Smiling Through the Sell-Off

Market volatility is painful, and adding insult to injury is that the pain isn't distributed equally -- at all. Just ask shareholders of Comcast (Nasdaq: CMCSA  ) and Washington Mutual (NYSE: WM  ) , two companies that have shed more than 15% of their value during the past three months. Limited Brands (NYSE: LTD  ) , Electronic Data Systems (NYSE: EDS  ) , and Harley-Davidson (NYSE: HOG  ) have declined by even more. Ouch.

A portfolio Band-Aid
Then there's the fate of fund investors versus folks whose portfolios include just individual picks. Even seemingly conservative plays can suffer protracted periods of decline -- Gannett (NYSE: GCI  ) and banking concern Popular (Nasdaq: BPOP  ) have posted negative returns for the five-year period that ended with yesterday's market close. And while funds are hardly immune to volatility, a carefully calibrated portfolio of picks stands a much better chance of standing up during downturns.

It's even possible to make money during sell-offs. For example, one of the funds we've recommended to members of the Fool's Champion Funds -- the investment service that I head up -- racked up a gain in excess of 50% while the market was tanking to the tune of more than 37% between 2000 and 2002.

And make no mistake: Funds -- at least the kind that we focus on -- can provide plenty of participation during bull runs, too. All but one of our picks have made money for shareholders since we recommended them. As a group, they're beating the market by a healthy margin, too.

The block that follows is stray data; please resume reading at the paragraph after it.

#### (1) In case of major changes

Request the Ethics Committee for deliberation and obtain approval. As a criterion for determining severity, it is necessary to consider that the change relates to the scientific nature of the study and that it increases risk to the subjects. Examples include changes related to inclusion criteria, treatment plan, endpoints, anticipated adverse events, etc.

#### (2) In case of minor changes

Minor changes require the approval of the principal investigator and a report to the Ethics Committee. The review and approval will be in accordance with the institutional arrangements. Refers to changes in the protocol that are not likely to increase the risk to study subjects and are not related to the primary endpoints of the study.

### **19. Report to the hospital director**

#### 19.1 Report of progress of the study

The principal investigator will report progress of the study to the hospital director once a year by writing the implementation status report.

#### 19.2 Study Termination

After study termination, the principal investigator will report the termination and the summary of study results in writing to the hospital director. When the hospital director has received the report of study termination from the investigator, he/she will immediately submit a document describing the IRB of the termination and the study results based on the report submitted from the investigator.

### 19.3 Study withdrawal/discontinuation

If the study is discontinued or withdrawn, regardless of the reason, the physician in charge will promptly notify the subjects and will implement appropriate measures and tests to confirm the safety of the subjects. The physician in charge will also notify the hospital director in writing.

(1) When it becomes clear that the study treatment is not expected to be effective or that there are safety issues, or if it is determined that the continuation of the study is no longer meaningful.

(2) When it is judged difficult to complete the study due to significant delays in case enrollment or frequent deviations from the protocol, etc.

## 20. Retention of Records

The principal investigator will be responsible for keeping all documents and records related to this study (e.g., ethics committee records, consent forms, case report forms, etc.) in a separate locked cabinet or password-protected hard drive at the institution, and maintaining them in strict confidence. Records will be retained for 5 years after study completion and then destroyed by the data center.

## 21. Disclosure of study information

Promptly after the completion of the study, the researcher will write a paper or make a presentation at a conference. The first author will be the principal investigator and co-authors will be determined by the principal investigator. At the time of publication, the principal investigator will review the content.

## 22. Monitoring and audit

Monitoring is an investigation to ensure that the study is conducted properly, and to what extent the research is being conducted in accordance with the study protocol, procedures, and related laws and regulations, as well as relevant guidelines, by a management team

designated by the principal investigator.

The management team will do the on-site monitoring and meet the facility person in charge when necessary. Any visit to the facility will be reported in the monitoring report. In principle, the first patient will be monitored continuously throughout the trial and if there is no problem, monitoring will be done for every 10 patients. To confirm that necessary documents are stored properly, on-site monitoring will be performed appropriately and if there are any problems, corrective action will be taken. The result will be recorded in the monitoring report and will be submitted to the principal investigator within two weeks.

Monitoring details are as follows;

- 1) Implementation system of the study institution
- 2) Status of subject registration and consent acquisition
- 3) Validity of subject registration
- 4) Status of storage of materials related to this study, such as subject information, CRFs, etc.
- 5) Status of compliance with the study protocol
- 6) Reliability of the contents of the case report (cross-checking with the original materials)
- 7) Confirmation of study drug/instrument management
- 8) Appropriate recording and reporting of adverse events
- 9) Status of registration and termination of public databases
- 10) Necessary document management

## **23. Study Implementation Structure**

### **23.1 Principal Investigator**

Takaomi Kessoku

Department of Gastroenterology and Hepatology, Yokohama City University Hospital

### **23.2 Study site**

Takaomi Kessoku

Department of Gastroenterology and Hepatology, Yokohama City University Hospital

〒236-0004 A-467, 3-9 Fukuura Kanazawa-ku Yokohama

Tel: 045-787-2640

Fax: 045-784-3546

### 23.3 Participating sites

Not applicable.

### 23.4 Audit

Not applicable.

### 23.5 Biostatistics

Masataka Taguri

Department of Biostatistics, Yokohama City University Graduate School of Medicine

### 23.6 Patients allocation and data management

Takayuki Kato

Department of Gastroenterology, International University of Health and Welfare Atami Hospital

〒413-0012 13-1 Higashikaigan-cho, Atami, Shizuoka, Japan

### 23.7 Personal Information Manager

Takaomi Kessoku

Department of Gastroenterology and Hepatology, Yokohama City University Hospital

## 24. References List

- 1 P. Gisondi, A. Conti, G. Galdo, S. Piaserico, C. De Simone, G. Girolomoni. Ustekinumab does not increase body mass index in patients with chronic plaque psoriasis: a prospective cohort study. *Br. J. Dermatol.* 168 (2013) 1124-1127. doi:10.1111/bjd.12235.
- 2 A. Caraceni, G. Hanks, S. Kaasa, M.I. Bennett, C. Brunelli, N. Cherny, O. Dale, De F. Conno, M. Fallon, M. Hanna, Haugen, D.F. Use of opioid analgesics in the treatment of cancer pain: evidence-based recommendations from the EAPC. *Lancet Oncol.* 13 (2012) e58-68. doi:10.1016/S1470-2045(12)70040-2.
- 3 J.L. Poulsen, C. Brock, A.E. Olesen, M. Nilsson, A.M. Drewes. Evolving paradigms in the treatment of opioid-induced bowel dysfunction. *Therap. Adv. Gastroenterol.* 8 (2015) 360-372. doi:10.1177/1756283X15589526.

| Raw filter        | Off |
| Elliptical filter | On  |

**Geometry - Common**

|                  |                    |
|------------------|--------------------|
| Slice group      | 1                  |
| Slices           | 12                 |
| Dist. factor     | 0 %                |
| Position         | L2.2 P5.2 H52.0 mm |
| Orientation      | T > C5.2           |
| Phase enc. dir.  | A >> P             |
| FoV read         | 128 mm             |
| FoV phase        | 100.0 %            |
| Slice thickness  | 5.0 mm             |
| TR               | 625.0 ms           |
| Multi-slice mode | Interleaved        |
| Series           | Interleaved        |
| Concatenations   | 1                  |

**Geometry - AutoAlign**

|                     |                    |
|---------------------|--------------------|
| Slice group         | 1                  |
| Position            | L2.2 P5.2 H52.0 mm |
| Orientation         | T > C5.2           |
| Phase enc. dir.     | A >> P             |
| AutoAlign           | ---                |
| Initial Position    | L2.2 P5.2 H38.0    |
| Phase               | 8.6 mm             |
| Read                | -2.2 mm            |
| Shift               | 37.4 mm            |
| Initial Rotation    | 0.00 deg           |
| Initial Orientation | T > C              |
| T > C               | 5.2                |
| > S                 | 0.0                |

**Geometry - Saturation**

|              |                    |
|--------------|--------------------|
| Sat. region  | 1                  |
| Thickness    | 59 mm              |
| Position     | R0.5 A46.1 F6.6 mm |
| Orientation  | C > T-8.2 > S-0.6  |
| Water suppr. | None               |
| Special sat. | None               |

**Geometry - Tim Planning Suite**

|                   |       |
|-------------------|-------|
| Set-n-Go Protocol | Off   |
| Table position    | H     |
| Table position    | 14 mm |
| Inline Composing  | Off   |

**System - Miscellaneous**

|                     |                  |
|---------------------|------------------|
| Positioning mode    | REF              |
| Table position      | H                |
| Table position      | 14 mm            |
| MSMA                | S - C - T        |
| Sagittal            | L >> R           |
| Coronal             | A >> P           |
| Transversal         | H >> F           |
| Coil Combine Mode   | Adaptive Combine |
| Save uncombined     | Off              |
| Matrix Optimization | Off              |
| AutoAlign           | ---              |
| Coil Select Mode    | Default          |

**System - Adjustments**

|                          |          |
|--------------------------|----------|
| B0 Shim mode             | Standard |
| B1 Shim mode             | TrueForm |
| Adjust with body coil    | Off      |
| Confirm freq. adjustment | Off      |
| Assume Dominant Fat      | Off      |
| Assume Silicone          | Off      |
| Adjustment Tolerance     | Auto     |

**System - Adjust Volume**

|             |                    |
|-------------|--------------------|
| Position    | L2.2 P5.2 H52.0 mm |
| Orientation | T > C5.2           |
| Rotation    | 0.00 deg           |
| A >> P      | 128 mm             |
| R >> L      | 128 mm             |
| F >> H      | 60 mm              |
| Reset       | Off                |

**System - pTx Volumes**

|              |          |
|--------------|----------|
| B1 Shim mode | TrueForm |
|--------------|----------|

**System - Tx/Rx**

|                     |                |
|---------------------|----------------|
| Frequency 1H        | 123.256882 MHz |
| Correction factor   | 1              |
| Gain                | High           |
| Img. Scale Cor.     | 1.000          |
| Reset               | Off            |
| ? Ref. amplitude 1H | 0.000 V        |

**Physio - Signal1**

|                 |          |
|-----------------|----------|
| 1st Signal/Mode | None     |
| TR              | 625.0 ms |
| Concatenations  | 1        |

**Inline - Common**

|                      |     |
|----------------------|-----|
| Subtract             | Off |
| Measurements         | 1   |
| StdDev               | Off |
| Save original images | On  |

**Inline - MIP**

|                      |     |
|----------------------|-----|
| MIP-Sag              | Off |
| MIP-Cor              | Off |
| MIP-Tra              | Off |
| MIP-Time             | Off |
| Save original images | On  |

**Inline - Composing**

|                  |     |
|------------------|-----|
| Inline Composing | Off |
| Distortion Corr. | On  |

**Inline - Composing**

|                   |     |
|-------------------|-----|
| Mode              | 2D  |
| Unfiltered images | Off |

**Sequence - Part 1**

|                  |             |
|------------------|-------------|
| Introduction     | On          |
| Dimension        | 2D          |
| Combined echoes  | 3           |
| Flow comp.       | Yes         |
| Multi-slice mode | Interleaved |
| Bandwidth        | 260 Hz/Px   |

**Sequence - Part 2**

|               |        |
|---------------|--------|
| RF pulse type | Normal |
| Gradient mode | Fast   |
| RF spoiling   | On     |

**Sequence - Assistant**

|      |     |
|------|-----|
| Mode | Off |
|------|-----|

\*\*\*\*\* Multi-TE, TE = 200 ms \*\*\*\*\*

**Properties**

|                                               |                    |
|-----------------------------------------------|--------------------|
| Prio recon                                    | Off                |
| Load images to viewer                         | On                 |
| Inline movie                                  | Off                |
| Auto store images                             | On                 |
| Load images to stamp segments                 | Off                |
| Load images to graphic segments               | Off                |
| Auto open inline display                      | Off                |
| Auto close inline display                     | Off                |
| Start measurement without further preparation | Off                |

Needle in the haystack
With funds, of course, it pays to be a snob. The vast majority of 'em can't keep pace with a dirt-cheap index tracker like SPDRs. But if you focus on certain key attributes, you can go a long way toward finding the needles in the fund industry's haystack.

No single metric is determinative, but cost is crucial because every basis point of expense represents a higher hurdle that money managers have to clear just to stay within spitting distance of their expense-free benchmark. And while it's an investor's after-tax return that ultimately matters most, getting attuned to tax efficiency is important when it comes to determining which kind of account (taxable or tax-favored) is the best holding pen for a pick. Managerial tenure is vital information, too: A fund can only be as strong as the honchos who are calling the shots now.

The Foolish bottom line
If you want to be a savvy investor -- not to mention a smiling one -- zeroing in on those three items can help narrow the universe of funds down to just those that are worth considering for your portfolio.

Which brings us back to where we began: Even investors of the stock-jock persuasion can benefit from a sneak peek at the fund industry's best and brightest. When the kind of money managers who have made our grade make moves in their portfolios, that kind of information just might prove helpful when it comes to managing your portfolio. Champion Funds can help that cause. We go about the business of cherry-picking the industry's brightest prospects for our members. You can check out all of our picks and research with no risk -- click here for more information.

This article was originally published on July 31, 2007. It has been updated.

Shannon Zimmerman is the lead analyst for the Fool's Champion Funds newsletter service. He doesn't own any of the companies mentioned. Washington Mutual, Limited Brands, and Popular are Motley Fool Income Investor recommendations. The Fool has a strict disclosure policy.


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